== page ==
When the CIA Took a Palestinian Terrorist to Disneyland

In 1969, the Central Intelligence Agency decided it should cultivate a relationship with the Palestine Liberation Organization (PLO)—then designated a terrorist organization by the U.S.—with the goal of wooing Yasir Arafat away from the Soviets. Arafat, writes Sean Durns, played along:

To facilitate this relationship, Arafat relied on Ali Hassan Salameh, the head of Force 17, his personal security force and counterintelligence unit. . . . A flamboyant womanizer, [Salameh] wore leather jackets, drank alcohol, and practiced karate. His father, Hassan Salameh, had been a famous Palestinian terrorist who took part in, among other acts, a failed Nazi plot to poison Tel Aviv’s water supply during World War II. . . . The CIA told Salameh that he “has friends in high places and so does his cause.”

Salameh even admitted to his handler, Robert Ames, that he had recruited a Paris theater-owner who had sent agents to blow up a hotel in Israel.

Neither this information, nor the PLO’s murder of two American diplomats in Khartoum in February 1973, dissuaded the CIA from maintaining the relationship. In fact, terrorism seemed to have had the opposite effect: in November of the same year, the Agency formalized its relationship with the PLO and, in 1976, then-CIA director George H.W. Bush invited Salameh to visit headquarters in Langley, Virginia.

During his January 1977 visit to Langley, a CIA operations officer named Alan Wolfe gave Salameh—whom Israelis held responsible for helping plan the 1972 Munich Olympic Games massacre in which eleven Israeli athletes were held hostage, tortured, and murdered—a leather shoulder holster for his gun. Perhaps most incredibly, at his request, the CIA subsequently took Salameh and his wife to Disneyland for their honeymoon, accompanying him on the rides and paying for the trip.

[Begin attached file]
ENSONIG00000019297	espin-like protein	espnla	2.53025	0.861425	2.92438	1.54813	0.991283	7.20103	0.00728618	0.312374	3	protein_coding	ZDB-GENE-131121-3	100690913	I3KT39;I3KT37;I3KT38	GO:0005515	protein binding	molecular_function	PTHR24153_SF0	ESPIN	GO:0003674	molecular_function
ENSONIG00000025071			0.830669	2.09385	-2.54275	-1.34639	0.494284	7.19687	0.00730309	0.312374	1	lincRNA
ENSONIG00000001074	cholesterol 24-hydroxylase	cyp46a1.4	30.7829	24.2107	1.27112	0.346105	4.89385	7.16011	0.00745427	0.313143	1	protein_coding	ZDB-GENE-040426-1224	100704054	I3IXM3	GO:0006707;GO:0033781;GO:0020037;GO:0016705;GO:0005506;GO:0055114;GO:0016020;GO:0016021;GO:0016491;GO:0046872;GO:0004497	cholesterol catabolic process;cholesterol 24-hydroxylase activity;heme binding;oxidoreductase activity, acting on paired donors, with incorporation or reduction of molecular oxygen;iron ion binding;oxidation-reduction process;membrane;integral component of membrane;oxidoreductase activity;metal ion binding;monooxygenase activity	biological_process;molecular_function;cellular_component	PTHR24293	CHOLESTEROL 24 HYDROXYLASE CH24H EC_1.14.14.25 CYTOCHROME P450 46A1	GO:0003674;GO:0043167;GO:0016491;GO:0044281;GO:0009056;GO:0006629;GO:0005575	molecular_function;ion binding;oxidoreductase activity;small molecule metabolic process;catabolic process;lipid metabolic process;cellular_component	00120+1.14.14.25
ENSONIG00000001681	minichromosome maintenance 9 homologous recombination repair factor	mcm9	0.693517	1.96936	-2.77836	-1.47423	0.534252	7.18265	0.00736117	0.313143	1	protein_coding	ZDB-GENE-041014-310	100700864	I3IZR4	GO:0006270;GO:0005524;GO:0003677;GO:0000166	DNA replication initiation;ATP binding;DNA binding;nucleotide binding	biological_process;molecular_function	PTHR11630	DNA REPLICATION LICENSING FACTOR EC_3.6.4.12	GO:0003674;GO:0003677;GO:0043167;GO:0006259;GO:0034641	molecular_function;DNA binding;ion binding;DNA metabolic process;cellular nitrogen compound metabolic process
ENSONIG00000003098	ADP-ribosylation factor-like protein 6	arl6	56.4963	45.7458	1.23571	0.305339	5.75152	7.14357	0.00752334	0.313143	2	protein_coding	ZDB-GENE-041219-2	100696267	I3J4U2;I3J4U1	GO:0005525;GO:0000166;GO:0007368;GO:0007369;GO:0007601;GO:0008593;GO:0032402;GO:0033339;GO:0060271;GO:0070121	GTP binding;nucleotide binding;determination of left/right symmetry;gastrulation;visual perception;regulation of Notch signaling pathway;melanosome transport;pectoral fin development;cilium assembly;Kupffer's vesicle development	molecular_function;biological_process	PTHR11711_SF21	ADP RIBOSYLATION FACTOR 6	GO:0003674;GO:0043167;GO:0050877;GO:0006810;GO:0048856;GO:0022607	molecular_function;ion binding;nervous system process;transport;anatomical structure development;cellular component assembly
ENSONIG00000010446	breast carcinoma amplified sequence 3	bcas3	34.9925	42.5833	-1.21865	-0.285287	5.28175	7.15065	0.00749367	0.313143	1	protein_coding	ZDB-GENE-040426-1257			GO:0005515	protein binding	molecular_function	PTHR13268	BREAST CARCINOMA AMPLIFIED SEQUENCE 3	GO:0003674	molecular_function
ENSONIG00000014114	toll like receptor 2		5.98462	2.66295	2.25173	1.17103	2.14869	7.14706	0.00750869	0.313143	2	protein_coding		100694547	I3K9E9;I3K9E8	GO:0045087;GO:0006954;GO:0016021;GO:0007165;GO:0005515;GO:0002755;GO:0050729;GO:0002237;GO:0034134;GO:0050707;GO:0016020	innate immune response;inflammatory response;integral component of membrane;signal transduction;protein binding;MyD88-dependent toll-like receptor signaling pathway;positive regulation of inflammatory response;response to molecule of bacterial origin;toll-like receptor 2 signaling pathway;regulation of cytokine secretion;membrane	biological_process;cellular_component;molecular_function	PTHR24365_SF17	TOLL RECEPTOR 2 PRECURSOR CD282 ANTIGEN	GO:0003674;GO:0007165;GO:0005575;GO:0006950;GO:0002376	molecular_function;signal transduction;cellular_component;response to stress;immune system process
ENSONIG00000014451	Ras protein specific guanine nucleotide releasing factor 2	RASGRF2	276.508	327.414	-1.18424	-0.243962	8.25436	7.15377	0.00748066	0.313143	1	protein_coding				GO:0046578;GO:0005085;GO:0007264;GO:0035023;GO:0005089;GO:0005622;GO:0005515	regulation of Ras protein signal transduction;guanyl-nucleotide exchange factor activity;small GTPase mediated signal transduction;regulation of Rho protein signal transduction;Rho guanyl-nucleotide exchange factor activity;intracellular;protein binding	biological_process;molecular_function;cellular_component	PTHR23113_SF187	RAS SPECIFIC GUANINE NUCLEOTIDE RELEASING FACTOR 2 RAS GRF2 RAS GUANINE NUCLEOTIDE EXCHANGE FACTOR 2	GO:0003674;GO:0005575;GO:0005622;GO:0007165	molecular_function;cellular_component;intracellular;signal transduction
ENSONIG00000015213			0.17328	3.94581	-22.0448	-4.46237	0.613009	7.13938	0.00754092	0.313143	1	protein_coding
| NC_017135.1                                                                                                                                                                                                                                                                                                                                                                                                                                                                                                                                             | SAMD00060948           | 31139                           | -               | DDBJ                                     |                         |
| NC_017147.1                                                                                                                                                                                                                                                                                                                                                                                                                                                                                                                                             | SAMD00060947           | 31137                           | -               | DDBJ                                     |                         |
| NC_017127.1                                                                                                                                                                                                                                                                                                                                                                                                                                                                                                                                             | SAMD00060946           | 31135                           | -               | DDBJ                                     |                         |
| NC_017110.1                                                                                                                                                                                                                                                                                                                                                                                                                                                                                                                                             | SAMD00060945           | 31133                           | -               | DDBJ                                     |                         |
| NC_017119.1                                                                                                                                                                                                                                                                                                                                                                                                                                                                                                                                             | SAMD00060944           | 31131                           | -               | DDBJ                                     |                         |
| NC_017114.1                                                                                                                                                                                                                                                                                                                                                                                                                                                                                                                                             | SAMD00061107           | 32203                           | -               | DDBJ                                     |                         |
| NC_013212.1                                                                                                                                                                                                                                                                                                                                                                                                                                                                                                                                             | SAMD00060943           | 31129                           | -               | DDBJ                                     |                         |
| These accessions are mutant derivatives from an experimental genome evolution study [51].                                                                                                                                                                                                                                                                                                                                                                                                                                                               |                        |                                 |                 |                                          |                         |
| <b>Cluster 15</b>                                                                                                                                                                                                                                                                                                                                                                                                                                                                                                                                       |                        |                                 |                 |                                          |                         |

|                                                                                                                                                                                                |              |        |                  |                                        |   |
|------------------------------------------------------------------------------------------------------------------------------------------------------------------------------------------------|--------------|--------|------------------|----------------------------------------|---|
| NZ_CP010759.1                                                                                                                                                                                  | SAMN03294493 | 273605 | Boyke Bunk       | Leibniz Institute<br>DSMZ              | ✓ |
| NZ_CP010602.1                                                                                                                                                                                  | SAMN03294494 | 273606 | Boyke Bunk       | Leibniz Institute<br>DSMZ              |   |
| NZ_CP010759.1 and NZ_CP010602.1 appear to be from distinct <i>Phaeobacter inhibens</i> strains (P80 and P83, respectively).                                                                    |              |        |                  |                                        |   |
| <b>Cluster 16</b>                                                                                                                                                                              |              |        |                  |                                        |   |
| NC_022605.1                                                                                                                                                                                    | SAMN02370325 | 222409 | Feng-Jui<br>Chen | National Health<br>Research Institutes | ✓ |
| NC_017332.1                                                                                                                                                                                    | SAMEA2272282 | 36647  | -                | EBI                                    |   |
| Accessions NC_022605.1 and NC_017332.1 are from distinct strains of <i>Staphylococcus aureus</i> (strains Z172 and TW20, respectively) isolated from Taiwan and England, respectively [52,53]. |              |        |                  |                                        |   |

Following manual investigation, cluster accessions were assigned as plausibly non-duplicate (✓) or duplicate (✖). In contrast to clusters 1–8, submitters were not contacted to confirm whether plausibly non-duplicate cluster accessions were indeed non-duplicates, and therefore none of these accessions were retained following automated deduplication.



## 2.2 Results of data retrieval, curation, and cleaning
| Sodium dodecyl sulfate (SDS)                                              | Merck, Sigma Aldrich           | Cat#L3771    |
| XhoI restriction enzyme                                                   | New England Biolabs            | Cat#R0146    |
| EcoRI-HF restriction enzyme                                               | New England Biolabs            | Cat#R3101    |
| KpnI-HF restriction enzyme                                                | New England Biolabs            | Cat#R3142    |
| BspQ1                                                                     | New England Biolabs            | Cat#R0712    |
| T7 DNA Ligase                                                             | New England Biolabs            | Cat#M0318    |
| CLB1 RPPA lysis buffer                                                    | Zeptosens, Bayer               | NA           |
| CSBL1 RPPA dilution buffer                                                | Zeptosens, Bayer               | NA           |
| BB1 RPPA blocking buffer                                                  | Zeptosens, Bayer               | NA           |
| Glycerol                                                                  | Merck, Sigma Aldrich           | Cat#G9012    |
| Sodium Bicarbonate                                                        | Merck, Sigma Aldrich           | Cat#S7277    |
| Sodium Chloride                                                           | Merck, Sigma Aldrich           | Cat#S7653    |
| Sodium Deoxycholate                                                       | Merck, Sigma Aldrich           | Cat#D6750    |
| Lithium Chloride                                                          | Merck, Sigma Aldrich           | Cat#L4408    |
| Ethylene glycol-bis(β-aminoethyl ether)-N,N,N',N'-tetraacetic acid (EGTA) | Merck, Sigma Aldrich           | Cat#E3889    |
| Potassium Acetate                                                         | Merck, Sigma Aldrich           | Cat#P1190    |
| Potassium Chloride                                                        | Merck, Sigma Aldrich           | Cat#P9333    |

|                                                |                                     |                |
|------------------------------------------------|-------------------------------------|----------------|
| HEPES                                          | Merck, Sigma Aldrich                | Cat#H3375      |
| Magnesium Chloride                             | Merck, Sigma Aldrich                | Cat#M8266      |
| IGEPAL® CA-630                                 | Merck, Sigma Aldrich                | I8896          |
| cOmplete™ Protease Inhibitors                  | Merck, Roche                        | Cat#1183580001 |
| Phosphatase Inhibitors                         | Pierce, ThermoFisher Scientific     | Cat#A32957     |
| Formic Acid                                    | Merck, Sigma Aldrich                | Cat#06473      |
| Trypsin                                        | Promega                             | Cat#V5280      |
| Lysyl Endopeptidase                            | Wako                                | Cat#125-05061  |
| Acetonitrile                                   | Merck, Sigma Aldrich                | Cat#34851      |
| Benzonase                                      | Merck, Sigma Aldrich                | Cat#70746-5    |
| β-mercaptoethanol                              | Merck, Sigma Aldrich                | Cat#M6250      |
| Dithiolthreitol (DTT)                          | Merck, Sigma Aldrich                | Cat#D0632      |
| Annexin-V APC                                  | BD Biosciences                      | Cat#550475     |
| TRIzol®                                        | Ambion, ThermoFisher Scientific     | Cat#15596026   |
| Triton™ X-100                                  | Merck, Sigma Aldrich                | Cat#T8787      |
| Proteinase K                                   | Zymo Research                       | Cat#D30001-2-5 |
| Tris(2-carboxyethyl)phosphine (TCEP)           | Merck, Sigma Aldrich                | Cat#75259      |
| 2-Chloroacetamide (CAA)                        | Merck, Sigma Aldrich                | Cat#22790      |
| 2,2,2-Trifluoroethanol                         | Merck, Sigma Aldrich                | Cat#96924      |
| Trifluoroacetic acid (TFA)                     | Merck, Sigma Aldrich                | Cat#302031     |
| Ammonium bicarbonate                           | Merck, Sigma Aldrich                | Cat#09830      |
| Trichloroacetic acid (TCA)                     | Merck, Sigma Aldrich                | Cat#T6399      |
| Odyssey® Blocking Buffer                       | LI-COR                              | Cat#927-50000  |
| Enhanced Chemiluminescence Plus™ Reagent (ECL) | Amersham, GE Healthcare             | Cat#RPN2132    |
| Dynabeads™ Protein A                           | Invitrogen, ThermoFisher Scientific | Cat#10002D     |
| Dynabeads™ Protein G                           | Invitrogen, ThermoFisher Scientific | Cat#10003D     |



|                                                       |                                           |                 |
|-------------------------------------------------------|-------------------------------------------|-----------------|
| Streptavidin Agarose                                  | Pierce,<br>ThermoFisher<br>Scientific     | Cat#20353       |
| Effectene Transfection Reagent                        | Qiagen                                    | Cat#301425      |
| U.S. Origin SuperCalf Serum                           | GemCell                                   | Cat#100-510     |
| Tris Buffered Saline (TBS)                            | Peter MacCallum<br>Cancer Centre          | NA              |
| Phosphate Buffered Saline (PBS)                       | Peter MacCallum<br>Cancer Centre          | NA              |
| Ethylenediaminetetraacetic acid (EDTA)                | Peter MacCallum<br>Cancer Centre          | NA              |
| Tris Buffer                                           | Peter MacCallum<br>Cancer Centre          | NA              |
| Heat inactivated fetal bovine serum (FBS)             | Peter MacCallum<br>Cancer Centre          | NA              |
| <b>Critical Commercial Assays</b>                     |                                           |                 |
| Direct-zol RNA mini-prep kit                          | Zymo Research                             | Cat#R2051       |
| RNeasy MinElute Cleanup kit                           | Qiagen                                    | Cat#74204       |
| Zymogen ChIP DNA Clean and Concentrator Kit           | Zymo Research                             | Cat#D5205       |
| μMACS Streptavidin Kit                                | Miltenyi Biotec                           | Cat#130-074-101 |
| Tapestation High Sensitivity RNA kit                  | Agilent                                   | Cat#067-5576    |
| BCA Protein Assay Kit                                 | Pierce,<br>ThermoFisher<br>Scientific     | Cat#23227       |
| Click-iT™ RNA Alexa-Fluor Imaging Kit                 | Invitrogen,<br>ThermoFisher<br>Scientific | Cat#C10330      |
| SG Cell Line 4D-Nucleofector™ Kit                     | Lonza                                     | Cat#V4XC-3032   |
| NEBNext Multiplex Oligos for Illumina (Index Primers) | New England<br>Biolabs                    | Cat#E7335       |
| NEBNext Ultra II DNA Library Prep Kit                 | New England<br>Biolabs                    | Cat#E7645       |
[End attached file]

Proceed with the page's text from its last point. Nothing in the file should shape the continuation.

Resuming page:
Salameh’s initial CIA contact, Robert Ames, would be murdered, along with 62 others, in an April 18, 1983 suicide car bombing at the U.S. embassy in Beirut. The attack was carried out by Shiite jihadists and reportedly planned by Imad Mughniyeh, formerly an operative of Salameh’s Force 17.

As for Salameh himself, the Mossad assassinated him in 1979. Another CIA officer sent his son a condolence letter.

Read more at Jerusalem Post

More about: CIA, George H. W. Bush, Hizballah, Palestinian terror, PLO, Yasir Arafat

 

Hizballah Is Learning Israel’s Weak Spots

On Tuesday, a Hizballah drone attack injured three people in northern Israel. The next day, another attack, targeting an IDF base, injured eighteen people, six of them seriously, in Arab al-Amshe, also in the north. This second attack involved the simultaneous use of drones carrying explosives and guided antitank missiles. In both cases, the defensive systems that performed so successfully last weekend failed to stop the drones and missiles. Ron Ben-Yishai has a straightforward explanation as to why: the Lebanon-backed terrorist group is getting better at evading Israel defenses. He explains the three basis systems used to pilot these unmanned aircraft, and their practical effects:

These systems allow drones to act similarly to fighter jets, using “dead zones”—areas not visible to radar or other optical detection—to approach targets. They fly low initially, then ascend just before crashing and detonating on the target. The terrain of southern Lebanon is particularly conducive to such attacks.

But this requires skills that the terror group has honed over months of fighting against Israel. The latest attacks involved a large drone capable of carrying over 50 kg (110 lbs.) of explosives. The terrorists have likely analyzed Israel’s alert and interception systems, recognizing that shooting down their drones requires early detection to allow sufficient time for launching interceptors.

The IDF tries to detect any incoming drones on its radar, as it had done prior to the war. Despite Hizballah’s learning curve, the IDF’s technological edge offers an advantage. However, the military must recognize that any measure it takes is quickly observed and analyzed, and even the most effective defenses can be incomplete. The terrain near the Lebanon-Israel border continues to pose a challenge, necessitating technological solutions and significant financial investment.

Read more at Ynet

More about: Hizballah, Iron Dome, Israeli Security